<import base="cldr" path="45/scanCodes-implied.xml" /> <!-- the version will match the current conformsTo of the file -->

Here is a summary of the implied form elements. Keyboards included in the CLDR Repository must only use these formId= values and may not override the scanCodes.

Element: scanCodes

This element contains a keyboard row, and defines the scan codes for the non-frame keys in that row.

Parents: form

Children: none

Occurrence: required, multiple

Attribute: codes (required)

The codes attribute is a space-separated list of 2-digit hex bytes, each representing a scan code.


<scanCodes codes="29 02 03 04 05 06 07 08 09 0A 0B 0C 0D" />

Element: layers

This element contains a set of layer elements with a specific physical form factor, whether hardware or touch layout.

Parents: keyboard3

Children: import, layer, special

Occurrence: required, multiple

Attribute: formId (required)

This attribute specifies the physical layout of a hardware keyboard, or that the form is a touch layout.

When using an on-screen touch keyboard, if the keyboard does not specify a <layers formId="touch"> element, a <layers formId="…formId"> element can be used as an fallback alternative. If there is no hardware form, the implementation may need to choose a different keyboard file, or use some other fallback behavior when using a hardware keyboard.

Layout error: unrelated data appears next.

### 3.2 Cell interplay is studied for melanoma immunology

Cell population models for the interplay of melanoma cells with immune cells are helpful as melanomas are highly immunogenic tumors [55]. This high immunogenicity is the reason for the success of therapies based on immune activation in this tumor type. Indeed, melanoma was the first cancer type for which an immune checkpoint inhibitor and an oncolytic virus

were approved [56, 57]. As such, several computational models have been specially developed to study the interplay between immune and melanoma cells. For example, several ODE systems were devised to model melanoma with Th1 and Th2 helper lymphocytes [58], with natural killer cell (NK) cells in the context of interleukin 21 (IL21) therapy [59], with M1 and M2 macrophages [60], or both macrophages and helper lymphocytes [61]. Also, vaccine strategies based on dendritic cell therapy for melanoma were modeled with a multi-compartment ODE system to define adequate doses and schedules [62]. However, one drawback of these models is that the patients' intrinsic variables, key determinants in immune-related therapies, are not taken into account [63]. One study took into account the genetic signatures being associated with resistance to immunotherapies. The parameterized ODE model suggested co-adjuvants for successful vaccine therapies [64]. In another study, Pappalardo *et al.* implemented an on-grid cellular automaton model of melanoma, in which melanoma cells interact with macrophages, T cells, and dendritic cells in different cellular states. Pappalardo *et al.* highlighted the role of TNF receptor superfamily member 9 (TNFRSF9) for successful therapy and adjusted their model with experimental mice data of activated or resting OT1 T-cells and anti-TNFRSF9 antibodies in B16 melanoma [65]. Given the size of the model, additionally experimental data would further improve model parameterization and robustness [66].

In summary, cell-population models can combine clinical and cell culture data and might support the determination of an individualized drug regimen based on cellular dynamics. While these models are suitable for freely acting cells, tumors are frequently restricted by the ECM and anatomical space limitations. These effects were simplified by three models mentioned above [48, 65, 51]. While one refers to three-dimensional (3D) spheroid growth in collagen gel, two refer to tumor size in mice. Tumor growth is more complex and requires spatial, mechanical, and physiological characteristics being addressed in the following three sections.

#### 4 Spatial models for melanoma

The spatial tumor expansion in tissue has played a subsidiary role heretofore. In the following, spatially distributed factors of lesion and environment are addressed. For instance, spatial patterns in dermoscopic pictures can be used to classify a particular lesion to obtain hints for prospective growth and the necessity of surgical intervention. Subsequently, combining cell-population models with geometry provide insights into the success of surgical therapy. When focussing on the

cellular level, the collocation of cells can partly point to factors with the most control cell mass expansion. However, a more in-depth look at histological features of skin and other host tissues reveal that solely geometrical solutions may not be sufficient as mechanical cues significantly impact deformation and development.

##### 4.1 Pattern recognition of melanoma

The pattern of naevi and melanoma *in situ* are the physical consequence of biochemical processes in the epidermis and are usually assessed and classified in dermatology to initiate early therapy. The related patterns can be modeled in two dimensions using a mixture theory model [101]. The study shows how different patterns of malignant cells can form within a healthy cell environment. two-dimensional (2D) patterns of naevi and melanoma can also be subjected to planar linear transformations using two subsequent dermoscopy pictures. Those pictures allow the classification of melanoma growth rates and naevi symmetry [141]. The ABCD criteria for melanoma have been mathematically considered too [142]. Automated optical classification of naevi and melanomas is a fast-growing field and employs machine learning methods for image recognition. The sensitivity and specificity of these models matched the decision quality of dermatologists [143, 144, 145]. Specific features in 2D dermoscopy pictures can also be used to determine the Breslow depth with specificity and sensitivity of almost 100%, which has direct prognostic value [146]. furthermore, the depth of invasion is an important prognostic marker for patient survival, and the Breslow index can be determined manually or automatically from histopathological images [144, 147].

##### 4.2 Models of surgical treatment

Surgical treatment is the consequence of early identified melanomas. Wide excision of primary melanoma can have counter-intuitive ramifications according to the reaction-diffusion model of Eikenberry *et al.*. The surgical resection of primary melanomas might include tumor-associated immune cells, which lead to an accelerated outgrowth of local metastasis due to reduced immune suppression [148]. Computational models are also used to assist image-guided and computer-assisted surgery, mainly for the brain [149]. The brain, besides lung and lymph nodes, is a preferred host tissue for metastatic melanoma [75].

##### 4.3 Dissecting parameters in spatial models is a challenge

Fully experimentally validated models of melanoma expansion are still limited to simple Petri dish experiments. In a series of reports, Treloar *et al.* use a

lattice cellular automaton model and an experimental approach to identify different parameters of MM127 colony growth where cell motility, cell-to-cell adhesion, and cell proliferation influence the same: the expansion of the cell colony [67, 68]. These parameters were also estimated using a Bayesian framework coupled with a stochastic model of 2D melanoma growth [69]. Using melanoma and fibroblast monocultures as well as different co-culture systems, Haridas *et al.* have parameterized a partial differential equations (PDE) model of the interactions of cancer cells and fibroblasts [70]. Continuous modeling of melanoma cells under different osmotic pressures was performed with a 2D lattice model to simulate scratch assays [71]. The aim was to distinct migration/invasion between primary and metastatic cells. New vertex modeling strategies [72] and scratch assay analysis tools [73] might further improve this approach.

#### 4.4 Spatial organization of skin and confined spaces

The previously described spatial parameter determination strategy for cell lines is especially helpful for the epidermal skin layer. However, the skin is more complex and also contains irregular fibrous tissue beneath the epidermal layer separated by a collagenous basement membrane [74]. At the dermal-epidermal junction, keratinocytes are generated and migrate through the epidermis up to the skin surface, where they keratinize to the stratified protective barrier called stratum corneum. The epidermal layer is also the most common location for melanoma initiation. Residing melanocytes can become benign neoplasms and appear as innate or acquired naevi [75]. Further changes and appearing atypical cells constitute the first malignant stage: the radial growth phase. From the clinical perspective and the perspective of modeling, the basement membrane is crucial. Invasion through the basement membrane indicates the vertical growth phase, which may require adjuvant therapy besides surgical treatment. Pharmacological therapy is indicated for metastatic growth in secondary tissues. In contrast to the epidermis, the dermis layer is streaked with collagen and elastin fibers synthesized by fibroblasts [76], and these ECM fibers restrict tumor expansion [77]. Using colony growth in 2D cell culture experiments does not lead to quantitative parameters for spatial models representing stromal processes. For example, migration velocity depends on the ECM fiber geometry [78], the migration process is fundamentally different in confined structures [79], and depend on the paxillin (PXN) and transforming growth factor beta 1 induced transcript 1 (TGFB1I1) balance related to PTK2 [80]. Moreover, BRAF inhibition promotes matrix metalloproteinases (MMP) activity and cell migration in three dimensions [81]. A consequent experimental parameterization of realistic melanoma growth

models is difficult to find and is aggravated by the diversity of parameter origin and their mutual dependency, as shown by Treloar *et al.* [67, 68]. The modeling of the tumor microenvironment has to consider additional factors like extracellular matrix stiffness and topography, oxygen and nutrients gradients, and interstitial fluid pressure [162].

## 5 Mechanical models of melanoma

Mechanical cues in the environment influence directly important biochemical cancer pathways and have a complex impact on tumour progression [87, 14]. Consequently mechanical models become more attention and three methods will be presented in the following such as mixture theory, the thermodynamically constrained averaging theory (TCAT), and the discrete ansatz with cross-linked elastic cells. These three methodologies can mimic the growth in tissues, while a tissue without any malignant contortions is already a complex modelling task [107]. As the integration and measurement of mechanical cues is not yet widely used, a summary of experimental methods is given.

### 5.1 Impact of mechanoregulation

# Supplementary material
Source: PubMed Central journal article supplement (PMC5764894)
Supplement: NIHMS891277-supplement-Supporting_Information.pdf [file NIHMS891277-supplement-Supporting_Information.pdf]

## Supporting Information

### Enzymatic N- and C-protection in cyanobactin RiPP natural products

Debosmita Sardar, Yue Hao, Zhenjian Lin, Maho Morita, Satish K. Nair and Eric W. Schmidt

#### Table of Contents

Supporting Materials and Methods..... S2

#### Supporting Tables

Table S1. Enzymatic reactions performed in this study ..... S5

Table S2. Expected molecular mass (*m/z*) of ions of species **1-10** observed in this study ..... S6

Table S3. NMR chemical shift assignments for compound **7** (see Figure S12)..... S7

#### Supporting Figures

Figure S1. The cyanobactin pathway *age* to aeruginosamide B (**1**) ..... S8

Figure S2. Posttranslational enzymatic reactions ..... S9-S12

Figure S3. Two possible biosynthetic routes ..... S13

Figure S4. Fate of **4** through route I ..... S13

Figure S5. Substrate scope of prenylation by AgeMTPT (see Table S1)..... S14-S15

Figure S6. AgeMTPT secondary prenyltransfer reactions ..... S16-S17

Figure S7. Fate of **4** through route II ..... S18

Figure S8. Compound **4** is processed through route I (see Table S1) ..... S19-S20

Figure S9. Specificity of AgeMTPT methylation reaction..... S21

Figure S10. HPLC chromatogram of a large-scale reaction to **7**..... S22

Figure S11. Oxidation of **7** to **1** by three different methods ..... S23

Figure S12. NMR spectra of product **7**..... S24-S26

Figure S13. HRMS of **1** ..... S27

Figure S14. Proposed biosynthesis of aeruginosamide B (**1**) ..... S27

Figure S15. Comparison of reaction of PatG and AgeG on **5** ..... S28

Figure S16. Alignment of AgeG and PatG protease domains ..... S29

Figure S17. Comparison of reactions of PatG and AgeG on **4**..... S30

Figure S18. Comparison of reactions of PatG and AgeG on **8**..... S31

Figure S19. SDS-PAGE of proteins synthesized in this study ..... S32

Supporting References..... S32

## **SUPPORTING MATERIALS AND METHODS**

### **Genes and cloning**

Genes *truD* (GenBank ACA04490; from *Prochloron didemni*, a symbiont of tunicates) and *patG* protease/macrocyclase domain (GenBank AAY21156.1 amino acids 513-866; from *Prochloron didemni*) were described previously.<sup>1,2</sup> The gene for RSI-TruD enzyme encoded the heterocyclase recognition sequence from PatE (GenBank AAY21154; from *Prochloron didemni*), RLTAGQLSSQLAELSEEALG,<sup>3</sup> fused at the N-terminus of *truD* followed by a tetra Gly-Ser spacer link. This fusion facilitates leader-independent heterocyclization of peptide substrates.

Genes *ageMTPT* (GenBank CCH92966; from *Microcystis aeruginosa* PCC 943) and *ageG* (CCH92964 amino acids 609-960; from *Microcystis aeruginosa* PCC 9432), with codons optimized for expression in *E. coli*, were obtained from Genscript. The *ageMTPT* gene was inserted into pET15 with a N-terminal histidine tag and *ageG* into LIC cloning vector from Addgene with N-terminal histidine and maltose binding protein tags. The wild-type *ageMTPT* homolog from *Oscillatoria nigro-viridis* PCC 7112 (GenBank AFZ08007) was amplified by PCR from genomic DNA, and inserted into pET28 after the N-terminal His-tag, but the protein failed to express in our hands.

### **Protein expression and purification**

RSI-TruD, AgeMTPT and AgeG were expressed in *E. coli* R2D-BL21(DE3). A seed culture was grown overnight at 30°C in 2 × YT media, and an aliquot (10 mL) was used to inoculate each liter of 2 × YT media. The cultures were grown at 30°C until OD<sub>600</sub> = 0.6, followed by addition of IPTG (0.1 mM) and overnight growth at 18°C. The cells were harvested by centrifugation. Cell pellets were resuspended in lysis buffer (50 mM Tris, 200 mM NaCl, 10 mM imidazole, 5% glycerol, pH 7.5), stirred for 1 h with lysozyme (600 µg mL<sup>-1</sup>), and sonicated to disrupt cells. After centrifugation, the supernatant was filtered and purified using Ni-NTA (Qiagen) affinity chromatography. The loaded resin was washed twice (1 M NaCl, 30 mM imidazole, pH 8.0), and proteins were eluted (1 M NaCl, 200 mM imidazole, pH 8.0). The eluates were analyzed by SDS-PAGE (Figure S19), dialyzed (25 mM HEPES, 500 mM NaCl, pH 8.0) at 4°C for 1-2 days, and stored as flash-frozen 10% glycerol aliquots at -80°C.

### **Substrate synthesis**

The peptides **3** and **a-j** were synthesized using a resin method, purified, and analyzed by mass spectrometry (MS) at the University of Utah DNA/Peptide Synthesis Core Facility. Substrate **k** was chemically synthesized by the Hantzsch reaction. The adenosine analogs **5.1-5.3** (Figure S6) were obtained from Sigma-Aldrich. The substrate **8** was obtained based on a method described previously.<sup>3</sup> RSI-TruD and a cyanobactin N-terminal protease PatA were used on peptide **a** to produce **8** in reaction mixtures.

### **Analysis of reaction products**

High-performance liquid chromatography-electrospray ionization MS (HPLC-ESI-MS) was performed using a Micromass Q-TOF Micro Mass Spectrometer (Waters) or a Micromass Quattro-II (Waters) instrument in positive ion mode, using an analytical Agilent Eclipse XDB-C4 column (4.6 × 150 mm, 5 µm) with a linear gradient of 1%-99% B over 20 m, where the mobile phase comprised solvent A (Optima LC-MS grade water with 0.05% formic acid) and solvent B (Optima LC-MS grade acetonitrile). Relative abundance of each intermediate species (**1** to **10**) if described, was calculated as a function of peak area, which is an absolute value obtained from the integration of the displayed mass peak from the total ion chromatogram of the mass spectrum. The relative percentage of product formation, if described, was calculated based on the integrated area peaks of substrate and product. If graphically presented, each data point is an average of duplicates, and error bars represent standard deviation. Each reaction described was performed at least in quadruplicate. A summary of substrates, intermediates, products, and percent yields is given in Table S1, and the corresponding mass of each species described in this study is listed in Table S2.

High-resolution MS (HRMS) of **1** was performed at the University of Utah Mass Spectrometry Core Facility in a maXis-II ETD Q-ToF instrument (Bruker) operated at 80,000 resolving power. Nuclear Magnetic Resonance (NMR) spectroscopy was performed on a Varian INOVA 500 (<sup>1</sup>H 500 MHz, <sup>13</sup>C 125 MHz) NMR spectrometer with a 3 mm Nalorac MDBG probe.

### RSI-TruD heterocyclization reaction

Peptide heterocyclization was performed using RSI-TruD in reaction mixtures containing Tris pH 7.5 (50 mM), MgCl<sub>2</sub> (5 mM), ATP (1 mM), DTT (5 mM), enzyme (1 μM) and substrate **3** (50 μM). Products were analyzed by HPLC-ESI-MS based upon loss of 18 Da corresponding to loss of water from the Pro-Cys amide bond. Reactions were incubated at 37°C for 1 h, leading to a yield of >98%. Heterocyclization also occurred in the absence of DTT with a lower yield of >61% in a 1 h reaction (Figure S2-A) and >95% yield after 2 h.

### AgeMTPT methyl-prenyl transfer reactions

Because a hardware keyboard facilitates non-trivial amounts of text input, and many touch devices can also be connected to a hardware keyboard, it is recommended to always have a hardware (non-touch) form.

Multiple <layers formId="touch"> elements are allowed with distinct minDeviceWidth values. At most one hardware (non-formId="touch") <layers> element is allowed. If a different key arrangement is desired between, for example, us and iso formats, these should be separated into two different keyboards.

The typical keyboard author will be designing a keyboard based on their circumstances and the hardware that they are using. So, for example, if they are in South East Asia, they will almost certainly be using an 101 key hardware keyboard with US key caps. So we want them to be able to reference that (<layers formId="us">) in their design, rather than having to work with an unfamiliar form.

A mismatch between the hardware layout in the keyboard file, and the actual hardware used by the user could result in some keys being inaccessible to the user if their hardware cannot generate the scancodes corresponding to the layout specified by the formId= attribute. Such keys could be accessed only via an on-screen keyboard utility. Conversely, a user with hardware keys that are not present in the specified formId= will result in some hardware keys which have no function when pressed.

The value of the formId= attribute may be touch, or correspond to a form element. See form.

Attribute: minDeviceWidth

This attribute specifies the minimum required width, in millimeters (mm), of the touch surface. The layers entry with the greatest matching width will be selected. This attribute is intended for formId="touch", but is supported for hardware forms.

This must be a whole number between 1 and 999, inclusive.

Element: layer

A layer element describes the configuration of keys on a particular layer of a keyboard. It contains one or more row elements to describe which keys exist in each row.


<layer id="…layerId" modifiers="…modifier modifier, …modifier modifier, …">
    <row …/>